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Movement patterns of southern redbelly dace, Chrosomus erythrogaster, in a headwater reach of an Ozark stream


Correspondence: Ginny L. Adams, PhD, 201 Donaghey Avenue, Department of Biology, University of Central Arkansas, Conway, AR 72035, USA. E-mail:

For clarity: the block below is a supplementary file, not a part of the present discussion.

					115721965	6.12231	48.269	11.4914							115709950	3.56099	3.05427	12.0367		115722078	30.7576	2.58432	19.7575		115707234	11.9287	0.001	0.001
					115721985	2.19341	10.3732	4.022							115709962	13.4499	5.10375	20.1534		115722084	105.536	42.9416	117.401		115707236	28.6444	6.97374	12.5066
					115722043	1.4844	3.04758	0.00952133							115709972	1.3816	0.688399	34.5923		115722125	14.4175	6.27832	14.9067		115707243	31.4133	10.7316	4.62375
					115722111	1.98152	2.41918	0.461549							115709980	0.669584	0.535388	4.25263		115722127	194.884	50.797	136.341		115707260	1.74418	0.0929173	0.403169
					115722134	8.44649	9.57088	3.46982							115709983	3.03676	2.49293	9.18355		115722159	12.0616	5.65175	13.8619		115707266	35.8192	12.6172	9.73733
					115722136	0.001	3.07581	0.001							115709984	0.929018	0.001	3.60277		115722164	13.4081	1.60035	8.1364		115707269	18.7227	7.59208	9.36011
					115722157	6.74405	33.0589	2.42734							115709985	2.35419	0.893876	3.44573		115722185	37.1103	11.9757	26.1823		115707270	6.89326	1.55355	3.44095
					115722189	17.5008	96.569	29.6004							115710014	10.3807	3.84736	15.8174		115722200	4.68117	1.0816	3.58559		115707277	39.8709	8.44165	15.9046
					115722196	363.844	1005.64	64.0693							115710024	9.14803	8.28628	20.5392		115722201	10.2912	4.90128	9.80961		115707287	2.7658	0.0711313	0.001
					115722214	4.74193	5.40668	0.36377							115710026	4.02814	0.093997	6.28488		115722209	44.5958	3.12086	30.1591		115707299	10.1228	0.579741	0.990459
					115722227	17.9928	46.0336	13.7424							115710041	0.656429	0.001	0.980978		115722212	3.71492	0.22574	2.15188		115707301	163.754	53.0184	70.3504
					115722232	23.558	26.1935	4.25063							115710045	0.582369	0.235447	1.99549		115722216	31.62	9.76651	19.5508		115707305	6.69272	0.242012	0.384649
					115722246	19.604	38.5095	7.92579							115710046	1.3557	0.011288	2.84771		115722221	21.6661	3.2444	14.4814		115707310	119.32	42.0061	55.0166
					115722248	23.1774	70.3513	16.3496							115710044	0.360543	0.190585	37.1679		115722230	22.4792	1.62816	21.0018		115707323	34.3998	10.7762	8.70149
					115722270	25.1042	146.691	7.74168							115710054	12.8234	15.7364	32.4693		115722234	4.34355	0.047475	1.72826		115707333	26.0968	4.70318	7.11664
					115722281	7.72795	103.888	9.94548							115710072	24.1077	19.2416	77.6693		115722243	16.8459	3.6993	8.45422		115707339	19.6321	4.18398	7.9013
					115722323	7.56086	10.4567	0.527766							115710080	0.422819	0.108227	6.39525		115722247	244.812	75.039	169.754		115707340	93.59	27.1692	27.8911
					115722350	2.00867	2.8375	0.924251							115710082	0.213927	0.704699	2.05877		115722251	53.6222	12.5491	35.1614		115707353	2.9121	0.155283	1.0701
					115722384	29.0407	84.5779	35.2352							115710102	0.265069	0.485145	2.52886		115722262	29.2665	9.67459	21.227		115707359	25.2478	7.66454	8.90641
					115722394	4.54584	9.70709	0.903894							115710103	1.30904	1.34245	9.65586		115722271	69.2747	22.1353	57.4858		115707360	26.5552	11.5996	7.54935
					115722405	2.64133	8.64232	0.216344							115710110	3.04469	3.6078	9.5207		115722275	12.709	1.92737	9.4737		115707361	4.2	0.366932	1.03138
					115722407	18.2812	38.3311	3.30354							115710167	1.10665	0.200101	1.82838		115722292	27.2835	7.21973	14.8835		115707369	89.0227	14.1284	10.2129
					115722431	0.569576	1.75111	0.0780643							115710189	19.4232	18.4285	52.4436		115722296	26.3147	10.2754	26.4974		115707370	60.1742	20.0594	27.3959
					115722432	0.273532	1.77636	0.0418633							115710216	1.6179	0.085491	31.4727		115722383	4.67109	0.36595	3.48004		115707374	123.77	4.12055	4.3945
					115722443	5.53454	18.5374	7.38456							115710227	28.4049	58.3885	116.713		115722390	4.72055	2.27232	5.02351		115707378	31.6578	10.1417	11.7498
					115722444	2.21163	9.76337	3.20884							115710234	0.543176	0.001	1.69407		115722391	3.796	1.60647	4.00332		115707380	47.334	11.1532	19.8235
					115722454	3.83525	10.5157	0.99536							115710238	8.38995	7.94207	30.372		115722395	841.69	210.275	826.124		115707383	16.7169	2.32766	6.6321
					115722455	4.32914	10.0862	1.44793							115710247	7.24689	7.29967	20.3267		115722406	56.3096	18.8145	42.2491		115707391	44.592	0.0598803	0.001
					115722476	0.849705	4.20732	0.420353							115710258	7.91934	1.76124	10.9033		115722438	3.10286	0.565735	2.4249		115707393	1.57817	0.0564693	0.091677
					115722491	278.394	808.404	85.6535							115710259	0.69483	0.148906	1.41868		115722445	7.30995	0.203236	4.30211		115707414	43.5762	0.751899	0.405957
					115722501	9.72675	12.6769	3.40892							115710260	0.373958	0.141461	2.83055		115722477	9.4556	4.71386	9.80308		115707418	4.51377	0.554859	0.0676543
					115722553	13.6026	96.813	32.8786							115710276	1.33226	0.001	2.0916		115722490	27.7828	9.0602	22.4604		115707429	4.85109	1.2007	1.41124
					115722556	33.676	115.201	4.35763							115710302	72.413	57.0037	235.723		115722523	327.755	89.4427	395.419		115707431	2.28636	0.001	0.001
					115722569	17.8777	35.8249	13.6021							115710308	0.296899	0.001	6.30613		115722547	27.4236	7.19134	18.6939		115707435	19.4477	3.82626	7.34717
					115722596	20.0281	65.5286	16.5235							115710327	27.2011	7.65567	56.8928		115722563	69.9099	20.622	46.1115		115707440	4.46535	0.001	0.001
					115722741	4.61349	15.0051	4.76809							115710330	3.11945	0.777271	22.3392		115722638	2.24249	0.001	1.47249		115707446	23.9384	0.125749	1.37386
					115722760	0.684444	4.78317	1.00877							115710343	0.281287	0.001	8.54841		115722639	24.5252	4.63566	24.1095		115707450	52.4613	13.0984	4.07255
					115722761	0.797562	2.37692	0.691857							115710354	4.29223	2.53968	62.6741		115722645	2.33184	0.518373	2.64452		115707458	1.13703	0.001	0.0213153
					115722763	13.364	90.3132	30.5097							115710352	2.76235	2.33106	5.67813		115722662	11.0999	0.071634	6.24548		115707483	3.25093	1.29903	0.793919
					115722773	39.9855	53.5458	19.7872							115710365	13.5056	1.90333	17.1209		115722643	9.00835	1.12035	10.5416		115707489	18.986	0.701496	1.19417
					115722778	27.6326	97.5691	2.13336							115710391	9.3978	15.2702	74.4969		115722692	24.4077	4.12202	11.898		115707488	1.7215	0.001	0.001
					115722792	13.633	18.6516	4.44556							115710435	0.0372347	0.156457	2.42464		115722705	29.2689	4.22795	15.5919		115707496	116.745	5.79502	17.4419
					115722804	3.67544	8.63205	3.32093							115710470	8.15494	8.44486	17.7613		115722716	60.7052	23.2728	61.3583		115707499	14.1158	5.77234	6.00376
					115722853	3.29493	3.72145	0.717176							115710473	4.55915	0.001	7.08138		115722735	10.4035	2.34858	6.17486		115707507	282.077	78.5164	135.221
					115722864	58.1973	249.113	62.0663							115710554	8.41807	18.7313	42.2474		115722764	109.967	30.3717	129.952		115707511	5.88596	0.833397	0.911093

Previous research on fish movement has focused primarily on recreationally important fishes in perennial streams; however, fewer studies have examined movement patterns of small-bodied fishes in intermittent streams where abiotic and biotic conditions can be extreme compared with perennial systems. Using mark–recapture, we examined movement patterns of southern redbelly dace, Chrosomus erythrogaster, in an intermittent Ozark stream having both permanently connected and temporally isolated sections. Juvenile (60–88%) and adult (55–83%) residency rates were not significantly different for any mark–recapture sample, and movement was primarily within a section for both groups. Ontogenetic differences were detected for kurtosis, distance moved and population spread, with adults exhibiting greater variability in movement, moving more often and further. When considering only adults, there was a significantly higher number of individuals that exhibited intermovement from isolated sections compared with connected sections. In addition, a higher proportion of adults exhibiting intermovement moved to connected stream sections in May and July compared to January and March. Dace exhibited upstream bias in July, with 76% of emigrates moving to an upstream connected section. Although there were no statistically significant associations between the proportion of intermovers from connected and isolated sections and measured water quality and habitat variables, noteworthy trends were observed, and these trends were always stronger for connected sections. Understanding the factors that influence population dynamics in headwater streams is important for the survival and persistence of stream fish populations, especially considering the anticipated expansion of intermittent headwater streams as a result of future climatic changes.

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